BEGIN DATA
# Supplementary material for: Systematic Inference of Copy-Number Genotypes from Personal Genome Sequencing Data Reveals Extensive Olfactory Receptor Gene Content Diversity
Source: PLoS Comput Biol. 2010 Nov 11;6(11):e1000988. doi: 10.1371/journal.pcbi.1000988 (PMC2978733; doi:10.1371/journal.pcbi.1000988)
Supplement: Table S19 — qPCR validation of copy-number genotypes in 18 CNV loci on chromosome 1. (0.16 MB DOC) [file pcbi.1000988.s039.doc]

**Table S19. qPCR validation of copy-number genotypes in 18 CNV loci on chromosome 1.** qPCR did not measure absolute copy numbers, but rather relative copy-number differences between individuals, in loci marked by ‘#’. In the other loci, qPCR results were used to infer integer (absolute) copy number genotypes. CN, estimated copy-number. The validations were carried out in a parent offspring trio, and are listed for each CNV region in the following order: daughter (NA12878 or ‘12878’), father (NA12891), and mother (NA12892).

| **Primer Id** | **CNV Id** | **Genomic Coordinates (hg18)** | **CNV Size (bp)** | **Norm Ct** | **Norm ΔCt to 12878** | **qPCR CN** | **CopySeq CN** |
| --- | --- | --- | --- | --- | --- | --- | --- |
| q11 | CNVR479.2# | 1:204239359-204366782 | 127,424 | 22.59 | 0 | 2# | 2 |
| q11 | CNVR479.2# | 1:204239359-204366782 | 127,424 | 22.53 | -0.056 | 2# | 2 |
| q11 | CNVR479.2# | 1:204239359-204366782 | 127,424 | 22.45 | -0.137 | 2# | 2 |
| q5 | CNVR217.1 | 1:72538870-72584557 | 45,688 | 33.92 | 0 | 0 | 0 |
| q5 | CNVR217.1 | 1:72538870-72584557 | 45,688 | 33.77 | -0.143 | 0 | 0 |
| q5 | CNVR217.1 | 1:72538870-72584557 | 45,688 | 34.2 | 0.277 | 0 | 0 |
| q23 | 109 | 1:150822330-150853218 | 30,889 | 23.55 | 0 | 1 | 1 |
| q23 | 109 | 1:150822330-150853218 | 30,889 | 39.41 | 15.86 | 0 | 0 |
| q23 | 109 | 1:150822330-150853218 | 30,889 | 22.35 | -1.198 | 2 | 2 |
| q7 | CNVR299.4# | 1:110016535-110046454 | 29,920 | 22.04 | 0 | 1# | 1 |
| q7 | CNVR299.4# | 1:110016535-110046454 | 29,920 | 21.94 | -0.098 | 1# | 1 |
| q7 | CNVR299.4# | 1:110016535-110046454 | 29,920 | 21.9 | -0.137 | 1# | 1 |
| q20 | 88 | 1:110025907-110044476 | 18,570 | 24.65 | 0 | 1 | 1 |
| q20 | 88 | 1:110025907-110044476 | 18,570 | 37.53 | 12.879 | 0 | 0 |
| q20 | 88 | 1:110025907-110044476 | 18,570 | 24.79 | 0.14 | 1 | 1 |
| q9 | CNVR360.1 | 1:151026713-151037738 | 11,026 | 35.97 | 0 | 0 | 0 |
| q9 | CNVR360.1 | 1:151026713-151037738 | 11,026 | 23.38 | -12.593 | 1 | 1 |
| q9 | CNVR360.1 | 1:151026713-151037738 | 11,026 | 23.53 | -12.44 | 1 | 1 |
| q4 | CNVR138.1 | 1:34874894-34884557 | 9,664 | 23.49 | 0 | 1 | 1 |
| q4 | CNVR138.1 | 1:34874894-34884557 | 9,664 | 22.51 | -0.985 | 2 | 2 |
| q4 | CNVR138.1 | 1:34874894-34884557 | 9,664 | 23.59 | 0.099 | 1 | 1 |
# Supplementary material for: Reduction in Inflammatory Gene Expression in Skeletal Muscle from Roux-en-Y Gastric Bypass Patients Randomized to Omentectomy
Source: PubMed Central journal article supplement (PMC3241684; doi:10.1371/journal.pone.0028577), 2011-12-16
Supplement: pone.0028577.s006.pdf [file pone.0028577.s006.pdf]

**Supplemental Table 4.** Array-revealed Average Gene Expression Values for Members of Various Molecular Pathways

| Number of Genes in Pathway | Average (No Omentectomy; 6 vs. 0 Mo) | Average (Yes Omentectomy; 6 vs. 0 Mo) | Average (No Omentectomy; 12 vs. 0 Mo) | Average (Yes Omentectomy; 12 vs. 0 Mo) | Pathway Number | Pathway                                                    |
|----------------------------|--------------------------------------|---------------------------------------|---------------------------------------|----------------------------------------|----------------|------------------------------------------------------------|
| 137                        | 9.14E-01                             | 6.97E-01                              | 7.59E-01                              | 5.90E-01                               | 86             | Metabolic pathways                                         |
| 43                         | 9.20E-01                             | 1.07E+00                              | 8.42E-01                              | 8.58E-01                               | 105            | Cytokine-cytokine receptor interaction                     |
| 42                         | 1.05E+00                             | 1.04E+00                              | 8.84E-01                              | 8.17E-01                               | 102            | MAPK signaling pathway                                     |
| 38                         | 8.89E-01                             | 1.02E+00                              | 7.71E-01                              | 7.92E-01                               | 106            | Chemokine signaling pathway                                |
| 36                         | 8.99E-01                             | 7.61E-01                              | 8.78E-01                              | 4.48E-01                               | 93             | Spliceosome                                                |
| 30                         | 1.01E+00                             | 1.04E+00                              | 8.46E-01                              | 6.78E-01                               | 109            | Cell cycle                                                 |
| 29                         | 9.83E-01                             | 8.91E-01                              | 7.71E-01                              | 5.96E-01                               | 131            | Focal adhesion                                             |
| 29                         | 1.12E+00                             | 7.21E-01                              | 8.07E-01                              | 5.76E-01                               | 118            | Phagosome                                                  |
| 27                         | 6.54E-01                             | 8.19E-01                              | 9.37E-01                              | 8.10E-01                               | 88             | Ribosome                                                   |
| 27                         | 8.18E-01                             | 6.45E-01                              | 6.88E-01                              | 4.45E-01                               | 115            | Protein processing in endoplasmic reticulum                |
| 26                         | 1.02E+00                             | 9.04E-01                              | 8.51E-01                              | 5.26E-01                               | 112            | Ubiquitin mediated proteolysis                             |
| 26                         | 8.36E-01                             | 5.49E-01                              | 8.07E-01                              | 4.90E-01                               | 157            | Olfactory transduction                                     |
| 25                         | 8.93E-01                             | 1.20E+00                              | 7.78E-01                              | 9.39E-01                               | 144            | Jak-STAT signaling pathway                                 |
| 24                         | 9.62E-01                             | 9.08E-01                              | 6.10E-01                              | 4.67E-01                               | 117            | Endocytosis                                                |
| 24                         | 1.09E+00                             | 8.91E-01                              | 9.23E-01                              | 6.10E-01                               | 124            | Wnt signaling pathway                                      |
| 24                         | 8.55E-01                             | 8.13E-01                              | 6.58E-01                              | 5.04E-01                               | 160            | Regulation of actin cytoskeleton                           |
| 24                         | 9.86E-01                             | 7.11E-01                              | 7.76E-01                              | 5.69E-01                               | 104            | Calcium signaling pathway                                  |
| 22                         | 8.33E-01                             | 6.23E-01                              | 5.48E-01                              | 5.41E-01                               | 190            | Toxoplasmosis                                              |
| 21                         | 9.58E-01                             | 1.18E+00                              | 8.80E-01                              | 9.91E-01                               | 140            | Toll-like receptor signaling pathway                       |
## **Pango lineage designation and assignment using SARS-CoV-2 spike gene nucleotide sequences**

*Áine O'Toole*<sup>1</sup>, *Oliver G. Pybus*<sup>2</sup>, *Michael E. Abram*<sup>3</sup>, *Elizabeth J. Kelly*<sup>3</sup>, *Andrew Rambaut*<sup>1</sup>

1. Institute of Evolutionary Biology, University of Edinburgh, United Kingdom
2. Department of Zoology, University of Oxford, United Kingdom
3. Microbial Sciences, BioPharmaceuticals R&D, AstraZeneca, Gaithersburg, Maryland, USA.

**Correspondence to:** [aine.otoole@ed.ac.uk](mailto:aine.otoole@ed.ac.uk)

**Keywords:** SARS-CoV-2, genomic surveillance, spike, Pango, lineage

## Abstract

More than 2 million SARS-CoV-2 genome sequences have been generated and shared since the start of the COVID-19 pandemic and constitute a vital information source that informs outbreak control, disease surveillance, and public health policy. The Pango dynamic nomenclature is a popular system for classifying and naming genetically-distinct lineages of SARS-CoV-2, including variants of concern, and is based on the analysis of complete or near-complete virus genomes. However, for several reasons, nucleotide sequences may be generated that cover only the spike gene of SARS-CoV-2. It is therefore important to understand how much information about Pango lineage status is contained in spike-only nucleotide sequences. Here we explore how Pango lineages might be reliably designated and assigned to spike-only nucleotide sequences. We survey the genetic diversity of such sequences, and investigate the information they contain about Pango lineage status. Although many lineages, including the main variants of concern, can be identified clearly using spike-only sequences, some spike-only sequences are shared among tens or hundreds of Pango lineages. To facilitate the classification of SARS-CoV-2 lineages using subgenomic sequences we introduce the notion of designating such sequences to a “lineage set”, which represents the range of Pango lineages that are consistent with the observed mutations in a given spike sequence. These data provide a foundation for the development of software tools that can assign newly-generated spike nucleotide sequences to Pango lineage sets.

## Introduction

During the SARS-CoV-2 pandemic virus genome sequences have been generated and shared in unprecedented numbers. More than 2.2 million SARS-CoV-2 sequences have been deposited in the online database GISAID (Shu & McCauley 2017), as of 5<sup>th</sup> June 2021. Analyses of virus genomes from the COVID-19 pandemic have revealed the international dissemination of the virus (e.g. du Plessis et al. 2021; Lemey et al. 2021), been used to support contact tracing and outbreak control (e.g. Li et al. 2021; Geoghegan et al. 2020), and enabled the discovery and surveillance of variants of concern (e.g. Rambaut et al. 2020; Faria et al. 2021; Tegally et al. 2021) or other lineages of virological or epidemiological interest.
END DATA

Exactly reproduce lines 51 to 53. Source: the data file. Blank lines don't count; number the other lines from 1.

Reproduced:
| 22                         | 8.33E-01                             | 6.23E-01                              | 5.48E-01                              | 5.41E-01                               | 190            | Toxoplasmosis                                              |
| 21                         | 9.58E-01                             | 1.18E+00                              | 8.80E-01                              | 9.91E-01                               | 140            | Toll-like receptor signaling pathway                       |
## **Pango lineage designation and assignment using SARS-CoV-2 spike gene nucleotide sequences**